9. “In stunning news yesterday…” It is stunning that a Board tested the evidence and made a good decision. Usually these “independent” Boards and commissioners are made up of people who know that getting the next gig depends on approving everything the government or the Council asks for. And normally NZTA writes their own consent through the Notice of Requirement process like some sort of legal bastard child of the divine right of kings.

    1. Yes, shows quite some bias of the reporter in that opening sentence…. Almost like they’re writing a sensationalist editorial, rather than doing their actual job of just reporting the news…

    2. I think the EPA has been a real step forward, on the evidence coming out of NZTA applications. The carrot of the EPA process was fast-tracking; what was demanded in return was that proposals were well considered, robust and well prepared. Waterview and now basin reserve both showed NZTA proposals to be poorly equipped on several fronts.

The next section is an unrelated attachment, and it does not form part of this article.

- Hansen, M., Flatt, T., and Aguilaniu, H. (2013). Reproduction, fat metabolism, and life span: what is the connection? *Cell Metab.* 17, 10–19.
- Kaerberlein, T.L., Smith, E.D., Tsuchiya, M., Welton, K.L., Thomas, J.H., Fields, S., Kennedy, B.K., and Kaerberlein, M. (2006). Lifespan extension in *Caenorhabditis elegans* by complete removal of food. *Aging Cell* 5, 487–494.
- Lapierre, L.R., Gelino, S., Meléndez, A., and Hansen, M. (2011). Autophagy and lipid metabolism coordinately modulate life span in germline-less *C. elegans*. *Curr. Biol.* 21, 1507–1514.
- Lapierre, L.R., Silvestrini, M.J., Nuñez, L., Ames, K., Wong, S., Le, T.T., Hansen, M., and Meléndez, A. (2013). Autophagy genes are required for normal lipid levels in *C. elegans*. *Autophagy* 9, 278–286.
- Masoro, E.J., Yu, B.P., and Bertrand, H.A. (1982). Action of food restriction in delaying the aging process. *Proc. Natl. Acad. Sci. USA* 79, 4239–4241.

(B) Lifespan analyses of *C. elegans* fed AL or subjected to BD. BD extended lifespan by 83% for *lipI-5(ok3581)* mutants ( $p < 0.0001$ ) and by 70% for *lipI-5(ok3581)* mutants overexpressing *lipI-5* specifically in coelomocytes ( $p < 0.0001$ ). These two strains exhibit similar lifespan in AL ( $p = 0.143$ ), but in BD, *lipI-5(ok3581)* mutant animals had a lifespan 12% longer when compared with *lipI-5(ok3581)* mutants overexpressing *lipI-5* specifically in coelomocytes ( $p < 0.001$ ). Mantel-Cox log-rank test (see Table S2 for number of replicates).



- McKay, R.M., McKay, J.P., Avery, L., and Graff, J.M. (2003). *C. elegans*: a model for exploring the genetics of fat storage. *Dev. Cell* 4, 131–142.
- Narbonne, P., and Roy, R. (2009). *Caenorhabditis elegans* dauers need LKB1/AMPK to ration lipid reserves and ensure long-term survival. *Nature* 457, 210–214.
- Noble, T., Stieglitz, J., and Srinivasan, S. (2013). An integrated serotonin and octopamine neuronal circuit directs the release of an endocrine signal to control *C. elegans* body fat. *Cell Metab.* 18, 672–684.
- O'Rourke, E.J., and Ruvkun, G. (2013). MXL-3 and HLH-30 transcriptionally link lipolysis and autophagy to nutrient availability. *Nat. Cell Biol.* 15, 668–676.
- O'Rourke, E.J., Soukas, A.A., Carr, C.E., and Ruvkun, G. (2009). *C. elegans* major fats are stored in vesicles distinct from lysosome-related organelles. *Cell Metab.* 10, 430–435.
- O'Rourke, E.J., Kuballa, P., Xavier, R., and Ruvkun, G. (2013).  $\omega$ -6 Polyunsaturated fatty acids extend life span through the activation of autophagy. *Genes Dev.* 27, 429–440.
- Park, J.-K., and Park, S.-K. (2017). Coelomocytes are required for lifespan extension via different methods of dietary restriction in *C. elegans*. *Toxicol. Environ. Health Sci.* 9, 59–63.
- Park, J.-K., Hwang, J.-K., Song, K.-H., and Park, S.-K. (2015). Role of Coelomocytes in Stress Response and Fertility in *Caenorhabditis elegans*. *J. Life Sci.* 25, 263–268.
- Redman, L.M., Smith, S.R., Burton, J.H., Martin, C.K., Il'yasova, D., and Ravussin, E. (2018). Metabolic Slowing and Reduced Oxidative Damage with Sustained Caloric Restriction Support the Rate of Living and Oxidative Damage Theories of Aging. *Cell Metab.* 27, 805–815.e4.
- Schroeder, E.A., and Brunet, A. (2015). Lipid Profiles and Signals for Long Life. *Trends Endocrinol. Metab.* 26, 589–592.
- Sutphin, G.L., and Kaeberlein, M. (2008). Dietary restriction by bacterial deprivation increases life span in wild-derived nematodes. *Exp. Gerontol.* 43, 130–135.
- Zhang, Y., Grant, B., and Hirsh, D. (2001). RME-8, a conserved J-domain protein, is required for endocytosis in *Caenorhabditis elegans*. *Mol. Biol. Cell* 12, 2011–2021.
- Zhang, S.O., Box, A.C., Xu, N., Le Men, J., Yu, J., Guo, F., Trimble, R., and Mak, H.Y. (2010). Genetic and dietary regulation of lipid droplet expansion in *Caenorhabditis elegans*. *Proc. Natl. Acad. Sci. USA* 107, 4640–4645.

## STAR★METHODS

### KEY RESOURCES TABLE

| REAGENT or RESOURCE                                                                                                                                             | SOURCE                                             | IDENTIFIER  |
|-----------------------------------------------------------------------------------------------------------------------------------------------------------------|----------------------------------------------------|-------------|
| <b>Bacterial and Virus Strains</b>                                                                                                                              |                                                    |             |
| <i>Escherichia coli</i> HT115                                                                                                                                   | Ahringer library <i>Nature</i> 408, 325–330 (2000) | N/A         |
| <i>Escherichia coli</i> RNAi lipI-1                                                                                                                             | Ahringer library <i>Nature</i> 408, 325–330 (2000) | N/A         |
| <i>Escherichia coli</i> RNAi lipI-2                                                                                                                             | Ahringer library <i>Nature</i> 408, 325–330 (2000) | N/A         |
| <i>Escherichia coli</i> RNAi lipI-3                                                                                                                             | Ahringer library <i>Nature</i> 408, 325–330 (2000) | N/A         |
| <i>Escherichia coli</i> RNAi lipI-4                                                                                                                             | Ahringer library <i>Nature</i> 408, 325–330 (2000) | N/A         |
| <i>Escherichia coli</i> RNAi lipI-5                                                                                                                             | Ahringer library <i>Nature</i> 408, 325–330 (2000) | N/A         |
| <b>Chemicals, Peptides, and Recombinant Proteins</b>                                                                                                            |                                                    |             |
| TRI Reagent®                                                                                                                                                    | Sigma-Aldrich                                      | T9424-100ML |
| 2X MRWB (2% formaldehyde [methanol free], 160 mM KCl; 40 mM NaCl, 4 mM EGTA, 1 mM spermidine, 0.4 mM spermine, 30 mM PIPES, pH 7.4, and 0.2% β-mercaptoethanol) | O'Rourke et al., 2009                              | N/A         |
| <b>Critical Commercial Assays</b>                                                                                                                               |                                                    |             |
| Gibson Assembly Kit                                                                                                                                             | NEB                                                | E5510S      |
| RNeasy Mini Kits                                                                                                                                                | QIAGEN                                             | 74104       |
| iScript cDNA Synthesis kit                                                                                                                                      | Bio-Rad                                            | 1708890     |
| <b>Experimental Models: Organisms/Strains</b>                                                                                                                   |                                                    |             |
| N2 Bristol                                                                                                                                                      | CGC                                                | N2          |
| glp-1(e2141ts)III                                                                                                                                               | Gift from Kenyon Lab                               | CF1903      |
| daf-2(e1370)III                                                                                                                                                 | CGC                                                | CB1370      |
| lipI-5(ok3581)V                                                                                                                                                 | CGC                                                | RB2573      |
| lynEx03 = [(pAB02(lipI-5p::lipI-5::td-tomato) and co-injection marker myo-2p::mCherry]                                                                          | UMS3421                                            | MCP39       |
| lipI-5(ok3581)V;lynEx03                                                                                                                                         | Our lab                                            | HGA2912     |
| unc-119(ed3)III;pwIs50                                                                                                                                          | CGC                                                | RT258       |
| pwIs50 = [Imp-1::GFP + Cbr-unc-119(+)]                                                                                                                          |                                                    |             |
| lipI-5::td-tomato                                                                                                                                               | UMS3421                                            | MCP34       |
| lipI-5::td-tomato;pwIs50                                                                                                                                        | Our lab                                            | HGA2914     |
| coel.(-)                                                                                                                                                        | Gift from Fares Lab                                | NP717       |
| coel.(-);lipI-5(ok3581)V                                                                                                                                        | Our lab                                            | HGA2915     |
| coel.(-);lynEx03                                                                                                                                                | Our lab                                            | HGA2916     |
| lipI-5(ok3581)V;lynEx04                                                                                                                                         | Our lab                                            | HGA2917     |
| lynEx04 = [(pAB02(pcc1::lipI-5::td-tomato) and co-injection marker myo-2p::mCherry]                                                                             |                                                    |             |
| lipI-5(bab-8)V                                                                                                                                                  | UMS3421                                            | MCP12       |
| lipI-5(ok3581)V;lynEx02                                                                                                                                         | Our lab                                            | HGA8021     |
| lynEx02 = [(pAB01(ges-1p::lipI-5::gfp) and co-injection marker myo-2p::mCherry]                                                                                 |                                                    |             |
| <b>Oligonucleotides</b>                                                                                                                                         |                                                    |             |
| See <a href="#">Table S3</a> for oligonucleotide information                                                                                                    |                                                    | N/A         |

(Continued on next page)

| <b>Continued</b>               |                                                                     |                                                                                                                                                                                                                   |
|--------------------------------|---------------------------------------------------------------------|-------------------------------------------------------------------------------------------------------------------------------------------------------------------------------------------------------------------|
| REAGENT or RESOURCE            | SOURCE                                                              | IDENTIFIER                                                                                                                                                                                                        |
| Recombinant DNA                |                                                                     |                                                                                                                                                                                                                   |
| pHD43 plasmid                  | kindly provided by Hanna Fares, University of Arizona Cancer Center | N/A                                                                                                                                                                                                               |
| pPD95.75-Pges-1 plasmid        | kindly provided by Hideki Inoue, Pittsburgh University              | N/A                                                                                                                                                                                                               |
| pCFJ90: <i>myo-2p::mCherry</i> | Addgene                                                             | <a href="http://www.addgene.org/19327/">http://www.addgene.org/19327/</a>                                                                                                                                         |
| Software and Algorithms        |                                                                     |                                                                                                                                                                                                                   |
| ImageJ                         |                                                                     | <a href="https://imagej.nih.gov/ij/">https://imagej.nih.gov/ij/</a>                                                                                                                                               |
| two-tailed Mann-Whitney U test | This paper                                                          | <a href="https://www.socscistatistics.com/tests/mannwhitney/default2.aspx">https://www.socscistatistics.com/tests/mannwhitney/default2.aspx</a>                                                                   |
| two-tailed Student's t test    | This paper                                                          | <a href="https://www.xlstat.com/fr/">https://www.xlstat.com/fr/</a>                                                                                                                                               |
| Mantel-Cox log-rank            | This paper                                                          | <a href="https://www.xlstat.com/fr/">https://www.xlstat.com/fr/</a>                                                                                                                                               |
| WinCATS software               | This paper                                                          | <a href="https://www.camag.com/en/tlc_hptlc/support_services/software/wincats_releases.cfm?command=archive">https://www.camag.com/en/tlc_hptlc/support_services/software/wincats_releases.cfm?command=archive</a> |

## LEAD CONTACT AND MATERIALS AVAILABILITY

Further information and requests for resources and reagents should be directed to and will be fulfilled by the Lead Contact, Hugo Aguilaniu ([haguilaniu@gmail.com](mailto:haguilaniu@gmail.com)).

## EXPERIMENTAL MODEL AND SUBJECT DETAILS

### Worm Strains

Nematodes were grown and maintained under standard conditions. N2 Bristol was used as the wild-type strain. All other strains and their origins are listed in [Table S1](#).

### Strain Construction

Sadly I think this will be the last NZTA application through the EPA fast-track route. NZTA will return to the ‘traditional’ consent route as it has allowed them to cajole authorities, get away with poorly considered urban integration, and to generally horse-trade their way to a solution that many are unhappy with.

  10. Already the doom-sayers are coming out saying that stopping this proposal will deter anyone from investing in Wellington every again.

    1. The investment talked about seems to be the tunnel duplication and the rather far fetched plan to extend the runway at the airport. Not actual investment designed to provide income and jobs.

  11. Is this really the end of the hideous proposal or just a spanner in the works, what options does nzta/brownlee actually have?